A magnolia will make your garden pure MS

Dang it. I just discovered a young tree seedling in my garden that will sooner or later have to be cut down, but it seems wrong, maybe unpatriotic, to do it.

When mature, it is a magnificent plant whose flowers are probably more widely recognized world-wide than any other.  But in most gardens it can be a monster that gobbles up garage-size areas, with tangled, shallow roots so dense that few other plants can eke out a living beneath its massive limbs, especially when buried under its large, thick, waxy fallen leaves.

I am talking, of course, about a Southern magnolia. Our state tree sports our state flower. The one that the Garden Clubs of Mississippi used to line miles and miles of all the major driving entrances to our state. The one whose huge flower is showier than Texas’s Lone Star and South Carolina’s palmetto; I think it is the Magnolia State’s proudest brands. Ought to be on our flag. 

There are benefits to it, of course, besides making a statement. The native woodland tree is a thick, sound-muffling evergreen with great climbing limbs and huge, highly fragrant flowers followed by attractive pods with protruding red seeds whose fermenting coverings have a wonderful funky aroma.

But yeah, it gets big. Enter Little Gem, a genetic aberration found growing as a chance seedling in 1952 and grown ever since from rooted cuttings or grafted. It is a diminutive version that gets only about a fourth the size of its big mama, taking years to get just a few yards tall.

Like most Southern magnolias, Little Gem and the somewhat similar one called Teddy Bear have glossy deep green leaves with furry brown undersides, but they are just a few inches long and wide; the fragrant creamy white flowers will fit in your hand. And Little Gem is the longest-blooming magnolia; where others have a big spring flush and a few sporadic blooms scattered over the summer, Little Gem is adorned with lemon-citrusy blossoms from April into November.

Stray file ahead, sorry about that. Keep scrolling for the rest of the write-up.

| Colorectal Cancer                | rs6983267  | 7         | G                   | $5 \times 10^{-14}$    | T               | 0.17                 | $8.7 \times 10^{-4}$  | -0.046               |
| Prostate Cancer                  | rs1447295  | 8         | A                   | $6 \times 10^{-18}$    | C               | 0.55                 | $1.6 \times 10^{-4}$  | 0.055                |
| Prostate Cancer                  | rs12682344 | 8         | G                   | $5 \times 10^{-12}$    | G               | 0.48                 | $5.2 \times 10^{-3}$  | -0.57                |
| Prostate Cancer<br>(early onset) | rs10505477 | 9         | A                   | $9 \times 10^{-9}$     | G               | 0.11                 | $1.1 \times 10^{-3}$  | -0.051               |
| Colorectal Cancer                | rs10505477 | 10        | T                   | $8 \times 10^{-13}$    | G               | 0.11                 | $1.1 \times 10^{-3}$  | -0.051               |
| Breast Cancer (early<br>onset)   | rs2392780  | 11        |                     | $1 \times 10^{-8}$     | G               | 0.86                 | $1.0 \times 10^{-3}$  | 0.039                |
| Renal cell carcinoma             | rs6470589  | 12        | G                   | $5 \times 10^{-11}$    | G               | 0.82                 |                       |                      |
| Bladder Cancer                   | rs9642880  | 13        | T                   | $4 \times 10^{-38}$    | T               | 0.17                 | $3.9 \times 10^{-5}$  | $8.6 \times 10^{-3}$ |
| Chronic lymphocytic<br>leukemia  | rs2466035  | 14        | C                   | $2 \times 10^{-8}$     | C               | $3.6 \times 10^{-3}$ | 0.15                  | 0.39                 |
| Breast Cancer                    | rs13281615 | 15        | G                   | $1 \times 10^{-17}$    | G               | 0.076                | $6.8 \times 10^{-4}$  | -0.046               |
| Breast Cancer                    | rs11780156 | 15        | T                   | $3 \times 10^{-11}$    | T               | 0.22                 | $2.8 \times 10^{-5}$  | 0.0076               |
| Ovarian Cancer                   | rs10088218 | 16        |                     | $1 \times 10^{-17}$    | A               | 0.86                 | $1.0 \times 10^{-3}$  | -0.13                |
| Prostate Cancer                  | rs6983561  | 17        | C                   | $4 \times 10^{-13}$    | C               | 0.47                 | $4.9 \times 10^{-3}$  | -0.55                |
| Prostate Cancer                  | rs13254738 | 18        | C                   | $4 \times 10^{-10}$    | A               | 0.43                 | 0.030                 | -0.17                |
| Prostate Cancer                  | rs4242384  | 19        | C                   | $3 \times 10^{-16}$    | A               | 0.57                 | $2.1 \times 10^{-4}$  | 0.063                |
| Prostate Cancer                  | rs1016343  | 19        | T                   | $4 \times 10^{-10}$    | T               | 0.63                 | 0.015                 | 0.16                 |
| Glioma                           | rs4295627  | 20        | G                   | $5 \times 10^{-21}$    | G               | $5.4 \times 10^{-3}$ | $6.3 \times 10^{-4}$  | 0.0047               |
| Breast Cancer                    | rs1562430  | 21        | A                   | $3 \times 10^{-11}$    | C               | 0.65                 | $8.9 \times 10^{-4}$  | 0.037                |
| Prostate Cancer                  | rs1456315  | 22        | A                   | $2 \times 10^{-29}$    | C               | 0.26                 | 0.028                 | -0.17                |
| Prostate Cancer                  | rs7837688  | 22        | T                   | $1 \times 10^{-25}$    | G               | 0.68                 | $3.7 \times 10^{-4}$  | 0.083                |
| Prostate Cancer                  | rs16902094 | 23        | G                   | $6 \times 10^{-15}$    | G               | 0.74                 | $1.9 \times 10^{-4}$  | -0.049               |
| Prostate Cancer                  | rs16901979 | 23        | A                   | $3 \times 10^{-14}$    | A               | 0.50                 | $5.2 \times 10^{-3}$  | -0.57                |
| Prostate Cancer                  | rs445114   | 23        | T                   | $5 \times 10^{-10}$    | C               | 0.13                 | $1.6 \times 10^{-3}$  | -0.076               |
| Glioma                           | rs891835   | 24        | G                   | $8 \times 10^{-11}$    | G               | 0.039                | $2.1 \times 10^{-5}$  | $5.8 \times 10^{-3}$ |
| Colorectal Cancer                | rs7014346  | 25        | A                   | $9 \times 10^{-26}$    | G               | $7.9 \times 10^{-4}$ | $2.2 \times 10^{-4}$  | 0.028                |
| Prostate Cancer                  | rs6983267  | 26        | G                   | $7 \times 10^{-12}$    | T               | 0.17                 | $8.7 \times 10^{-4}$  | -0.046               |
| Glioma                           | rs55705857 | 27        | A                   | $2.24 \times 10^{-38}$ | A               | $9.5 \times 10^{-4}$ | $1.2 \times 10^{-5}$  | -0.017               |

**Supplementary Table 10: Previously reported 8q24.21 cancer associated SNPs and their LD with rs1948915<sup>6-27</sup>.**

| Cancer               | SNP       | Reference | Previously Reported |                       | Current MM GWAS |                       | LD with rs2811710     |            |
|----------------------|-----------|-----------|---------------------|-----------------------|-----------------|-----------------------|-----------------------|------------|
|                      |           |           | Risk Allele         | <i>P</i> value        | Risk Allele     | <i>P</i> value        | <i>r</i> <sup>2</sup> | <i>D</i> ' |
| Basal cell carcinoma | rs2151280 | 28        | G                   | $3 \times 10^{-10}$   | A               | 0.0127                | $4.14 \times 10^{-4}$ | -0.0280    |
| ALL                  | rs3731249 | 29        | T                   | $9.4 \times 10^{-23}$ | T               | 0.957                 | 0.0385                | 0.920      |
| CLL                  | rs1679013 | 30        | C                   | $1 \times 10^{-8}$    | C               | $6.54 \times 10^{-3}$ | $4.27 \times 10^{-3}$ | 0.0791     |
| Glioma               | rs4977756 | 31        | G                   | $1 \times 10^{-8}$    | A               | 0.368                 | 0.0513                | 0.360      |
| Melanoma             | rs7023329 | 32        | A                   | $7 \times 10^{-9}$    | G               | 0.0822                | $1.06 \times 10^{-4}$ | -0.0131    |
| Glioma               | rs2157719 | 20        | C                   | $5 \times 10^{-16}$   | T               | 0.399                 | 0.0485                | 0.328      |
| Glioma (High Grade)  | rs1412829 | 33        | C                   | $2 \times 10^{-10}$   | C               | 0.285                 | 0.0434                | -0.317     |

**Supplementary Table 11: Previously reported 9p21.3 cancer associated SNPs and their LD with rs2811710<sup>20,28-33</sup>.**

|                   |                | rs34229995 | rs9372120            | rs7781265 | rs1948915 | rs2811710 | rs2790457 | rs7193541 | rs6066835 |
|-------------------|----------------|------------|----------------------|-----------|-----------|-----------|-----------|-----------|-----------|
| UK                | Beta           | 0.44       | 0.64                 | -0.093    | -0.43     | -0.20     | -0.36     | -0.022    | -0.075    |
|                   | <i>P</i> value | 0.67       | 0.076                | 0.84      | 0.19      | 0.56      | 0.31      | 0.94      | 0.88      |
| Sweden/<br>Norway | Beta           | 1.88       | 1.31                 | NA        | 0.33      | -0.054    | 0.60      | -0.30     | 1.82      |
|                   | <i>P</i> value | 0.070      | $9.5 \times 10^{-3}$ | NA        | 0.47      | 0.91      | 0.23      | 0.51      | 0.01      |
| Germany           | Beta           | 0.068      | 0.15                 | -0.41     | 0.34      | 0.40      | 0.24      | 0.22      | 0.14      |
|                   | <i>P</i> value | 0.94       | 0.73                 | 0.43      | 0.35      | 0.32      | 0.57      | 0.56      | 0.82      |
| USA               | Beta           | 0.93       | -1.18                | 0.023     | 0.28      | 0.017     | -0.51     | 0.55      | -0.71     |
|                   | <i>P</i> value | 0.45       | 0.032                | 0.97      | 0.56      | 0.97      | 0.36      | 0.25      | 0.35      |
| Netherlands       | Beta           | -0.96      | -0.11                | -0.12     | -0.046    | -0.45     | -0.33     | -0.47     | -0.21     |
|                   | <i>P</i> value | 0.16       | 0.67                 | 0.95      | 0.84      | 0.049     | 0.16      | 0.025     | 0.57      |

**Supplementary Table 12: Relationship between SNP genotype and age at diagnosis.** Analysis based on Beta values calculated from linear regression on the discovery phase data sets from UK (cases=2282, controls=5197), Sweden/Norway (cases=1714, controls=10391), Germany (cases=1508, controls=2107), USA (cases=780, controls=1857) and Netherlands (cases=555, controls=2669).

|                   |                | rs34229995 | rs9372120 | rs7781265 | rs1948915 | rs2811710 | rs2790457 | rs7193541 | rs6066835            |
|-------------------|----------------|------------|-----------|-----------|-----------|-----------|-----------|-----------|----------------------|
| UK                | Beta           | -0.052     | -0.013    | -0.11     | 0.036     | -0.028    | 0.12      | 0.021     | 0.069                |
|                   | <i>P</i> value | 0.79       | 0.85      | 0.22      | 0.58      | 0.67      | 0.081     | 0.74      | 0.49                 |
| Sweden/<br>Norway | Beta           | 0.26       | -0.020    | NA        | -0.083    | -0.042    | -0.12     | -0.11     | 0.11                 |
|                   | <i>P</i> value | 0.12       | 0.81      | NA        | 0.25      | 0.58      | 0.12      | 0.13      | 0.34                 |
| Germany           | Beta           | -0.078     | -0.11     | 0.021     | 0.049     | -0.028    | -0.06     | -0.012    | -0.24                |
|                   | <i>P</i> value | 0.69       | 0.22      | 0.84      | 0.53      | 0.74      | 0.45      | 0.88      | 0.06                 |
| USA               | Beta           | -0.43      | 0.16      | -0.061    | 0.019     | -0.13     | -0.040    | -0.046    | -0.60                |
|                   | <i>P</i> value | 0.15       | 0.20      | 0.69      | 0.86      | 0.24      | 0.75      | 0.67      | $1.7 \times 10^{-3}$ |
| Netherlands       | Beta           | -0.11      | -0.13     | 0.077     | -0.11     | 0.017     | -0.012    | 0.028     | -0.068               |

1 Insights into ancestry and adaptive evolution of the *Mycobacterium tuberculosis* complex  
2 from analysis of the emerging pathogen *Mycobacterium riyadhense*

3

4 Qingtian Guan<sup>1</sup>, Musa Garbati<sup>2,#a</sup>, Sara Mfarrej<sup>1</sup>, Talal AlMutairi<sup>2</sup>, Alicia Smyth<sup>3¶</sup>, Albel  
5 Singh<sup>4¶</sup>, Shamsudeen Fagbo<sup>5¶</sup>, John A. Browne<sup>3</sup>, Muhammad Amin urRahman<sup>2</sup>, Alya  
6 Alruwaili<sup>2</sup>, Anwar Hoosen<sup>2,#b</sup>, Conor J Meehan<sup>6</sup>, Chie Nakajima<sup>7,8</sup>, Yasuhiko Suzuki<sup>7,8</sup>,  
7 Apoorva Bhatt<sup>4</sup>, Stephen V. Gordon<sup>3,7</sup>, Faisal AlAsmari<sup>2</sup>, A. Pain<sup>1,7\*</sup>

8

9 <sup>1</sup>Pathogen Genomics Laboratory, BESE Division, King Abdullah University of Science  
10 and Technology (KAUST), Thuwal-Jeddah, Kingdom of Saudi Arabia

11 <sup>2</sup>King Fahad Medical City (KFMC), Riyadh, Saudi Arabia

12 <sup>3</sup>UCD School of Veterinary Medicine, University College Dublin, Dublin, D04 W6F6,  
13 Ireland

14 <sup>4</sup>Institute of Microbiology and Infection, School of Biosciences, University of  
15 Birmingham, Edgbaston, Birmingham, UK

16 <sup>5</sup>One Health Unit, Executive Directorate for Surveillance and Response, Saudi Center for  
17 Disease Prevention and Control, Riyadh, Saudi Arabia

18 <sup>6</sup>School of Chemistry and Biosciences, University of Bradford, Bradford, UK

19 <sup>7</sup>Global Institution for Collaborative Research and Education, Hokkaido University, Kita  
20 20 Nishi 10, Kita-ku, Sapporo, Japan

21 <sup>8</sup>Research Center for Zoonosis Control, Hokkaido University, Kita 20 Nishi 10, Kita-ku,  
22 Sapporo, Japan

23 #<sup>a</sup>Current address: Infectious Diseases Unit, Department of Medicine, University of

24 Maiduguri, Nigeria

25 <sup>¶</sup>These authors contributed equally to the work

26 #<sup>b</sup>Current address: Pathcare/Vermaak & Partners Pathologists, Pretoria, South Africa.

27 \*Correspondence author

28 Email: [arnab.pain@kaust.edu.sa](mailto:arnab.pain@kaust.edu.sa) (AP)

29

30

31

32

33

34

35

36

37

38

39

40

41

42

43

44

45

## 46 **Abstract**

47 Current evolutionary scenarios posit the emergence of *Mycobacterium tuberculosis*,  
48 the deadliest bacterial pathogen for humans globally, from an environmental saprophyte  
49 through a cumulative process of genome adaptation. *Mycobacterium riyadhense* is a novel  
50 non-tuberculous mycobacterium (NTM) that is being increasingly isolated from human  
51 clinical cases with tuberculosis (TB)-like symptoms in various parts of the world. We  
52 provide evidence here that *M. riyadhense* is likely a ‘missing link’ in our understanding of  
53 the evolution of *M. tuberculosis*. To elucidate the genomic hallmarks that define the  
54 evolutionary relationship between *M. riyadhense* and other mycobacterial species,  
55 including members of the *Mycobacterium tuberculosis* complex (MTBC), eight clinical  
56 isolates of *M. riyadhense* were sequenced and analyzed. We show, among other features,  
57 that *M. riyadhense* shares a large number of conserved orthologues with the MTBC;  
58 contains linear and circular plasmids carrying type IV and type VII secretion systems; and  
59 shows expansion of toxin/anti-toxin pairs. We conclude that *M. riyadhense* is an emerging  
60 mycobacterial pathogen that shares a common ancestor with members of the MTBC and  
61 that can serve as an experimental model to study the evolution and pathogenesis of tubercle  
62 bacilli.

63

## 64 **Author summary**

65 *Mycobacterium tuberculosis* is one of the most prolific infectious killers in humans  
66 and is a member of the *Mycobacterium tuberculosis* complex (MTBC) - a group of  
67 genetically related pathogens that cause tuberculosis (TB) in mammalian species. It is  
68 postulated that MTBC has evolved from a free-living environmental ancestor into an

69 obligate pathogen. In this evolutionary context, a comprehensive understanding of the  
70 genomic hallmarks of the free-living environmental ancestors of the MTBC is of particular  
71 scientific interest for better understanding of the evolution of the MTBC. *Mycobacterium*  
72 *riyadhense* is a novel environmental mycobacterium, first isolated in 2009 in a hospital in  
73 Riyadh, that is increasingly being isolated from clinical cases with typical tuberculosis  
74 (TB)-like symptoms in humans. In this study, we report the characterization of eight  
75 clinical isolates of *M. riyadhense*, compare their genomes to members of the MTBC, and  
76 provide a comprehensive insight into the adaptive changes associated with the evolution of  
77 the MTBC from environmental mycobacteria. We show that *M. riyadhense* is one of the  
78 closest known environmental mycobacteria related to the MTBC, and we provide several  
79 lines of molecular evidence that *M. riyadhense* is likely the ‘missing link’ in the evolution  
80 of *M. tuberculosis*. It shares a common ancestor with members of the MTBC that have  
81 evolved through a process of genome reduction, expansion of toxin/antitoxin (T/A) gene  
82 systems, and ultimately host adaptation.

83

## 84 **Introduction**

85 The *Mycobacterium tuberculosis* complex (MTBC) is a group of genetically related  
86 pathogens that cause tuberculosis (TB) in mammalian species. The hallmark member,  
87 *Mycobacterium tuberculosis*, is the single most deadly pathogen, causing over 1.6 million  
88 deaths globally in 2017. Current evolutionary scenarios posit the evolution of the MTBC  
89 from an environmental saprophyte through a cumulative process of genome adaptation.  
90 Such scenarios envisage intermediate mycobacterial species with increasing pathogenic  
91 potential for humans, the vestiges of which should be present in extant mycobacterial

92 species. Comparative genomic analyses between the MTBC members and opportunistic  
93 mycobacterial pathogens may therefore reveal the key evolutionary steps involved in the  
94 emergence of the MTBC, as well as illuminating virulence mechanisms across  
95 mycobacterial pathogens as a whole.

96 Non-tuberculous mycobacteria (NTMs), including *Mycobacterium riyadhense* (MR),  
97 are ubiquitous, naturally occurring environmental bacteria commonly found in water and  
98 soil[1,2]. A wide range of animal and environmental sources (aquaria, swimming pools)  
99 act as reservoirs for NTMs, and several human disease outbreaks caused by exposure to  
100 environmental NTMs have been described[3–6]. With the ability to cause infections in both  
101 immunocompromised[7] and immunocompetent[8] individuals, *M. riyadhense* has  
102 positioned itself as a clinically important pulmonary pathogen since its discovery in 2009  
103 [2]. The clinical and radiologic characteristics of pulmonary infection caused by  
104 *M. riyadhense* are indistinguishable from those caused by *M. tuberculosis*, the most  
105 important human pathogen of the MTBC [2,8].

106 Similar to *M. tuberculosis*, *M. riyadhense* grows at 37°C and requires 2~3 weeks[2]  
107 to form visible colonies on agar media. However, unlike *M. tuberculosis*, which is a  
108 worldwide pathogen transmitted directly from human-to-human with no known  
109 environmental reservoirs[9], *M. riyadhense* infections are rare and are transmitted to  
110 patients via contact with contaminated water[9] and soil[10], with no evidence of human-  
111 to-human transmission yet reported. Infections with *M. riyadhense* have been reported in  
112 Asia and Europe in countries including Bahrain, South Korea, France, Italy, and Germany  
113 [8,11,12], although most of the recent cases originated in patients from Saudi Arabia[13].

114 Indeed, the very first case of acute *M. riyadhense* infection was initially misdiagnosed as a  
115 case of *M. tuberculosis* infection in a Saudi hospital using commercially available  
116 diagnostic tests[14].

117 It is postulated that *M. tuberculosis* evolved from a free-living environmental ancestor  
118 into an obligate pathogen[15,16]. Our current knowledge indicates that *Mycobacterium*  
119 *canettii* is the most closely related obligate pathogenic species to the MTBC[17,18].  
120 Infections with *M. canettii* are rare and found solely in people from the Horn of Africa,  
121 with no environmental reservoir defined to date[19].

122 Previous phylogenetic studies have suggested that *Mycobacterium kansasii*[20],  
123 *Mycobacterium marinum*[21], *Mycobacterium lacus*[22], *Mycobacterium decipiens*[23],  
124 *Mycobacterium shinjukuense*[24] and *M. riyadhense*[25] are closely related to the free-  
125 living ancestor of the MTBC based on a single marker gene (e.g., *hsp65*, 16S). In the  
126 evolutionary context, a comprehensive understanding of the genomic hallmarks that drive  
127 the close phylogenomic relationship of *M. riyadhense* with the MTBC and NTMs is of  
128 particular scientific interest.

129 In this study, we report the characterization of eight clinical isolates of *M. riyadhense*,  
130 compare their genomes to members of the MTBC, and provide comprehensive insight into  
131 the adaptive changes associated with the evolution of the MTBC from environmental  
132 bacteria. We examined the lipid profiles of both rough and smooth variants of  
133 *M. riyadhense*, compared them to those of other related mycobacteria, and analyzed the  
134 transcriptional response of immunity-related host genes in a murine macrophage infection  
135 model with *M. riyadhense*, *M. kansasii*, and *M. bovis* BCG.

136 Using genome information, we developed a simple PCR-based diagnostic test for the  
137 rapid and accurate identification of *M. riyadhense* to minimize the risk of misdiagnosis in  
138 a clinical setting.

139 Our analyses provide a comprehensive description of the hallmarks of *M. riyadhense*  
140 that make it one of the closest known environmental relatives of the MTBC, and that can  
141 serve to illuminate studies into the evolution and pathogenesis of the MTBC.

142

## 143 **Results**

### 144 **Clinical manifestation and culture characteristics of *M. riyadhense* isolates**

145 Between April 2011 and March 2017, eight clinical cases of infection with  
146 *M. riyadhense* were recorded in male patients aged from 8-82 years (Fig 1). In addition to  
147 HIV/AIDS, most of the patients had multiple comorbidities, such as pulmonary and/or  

I have seen it grown for years in large pots even up in New England, and trimmed into large evergreen hedges here. It is a choice screen between houses and condos, and perfect for espaliering against walls.

Little Gem is fast to bloom but kinda slow growing. To help my son get his new ones off to a good start we dug extra-wide holes, added a small amount of bark to the native dirt and loosened the potting soil and roots to help them start growing outwards as quickly as possible – the key to fast top growth. We mulched underneath, and to protect the trunk from the mower we planted some Liriope, which is one of the few plants that will thrive under a magnolia. He promised to water really deeply every week or two this first summer; any more or less than that can cause root problems.

My Little Gem, which is about 20 years old now, is flanked with a vitex tree with  summer spires of vivid purple-blue flowers, and a couple of dwarf nandinas for their ferny leaves and winter berries. Ira went with Emerald Green arborvitae because his wife Stevie likes how the bright green sparkles against the darker magnolias.

From the late winter flowering pink Asian species and pure white small star magnolias, to our native “bigleaf” and smaller, wet soil-tolerant sweetbay, magnolias are garden mainstays. But I think every Mississippi garden should have room for our own state favorite evergreen, or squeeze in a dwarf Little Gem.

It is more than just patriotic; if you have room, it will make your garden pure Mississippi.

Felder Rushing is a Mississippi author, columnist, and host of the “Gestalt Gardener” on MPB Think Radio. Email gardening questions to rushingfelder@yahoo.com.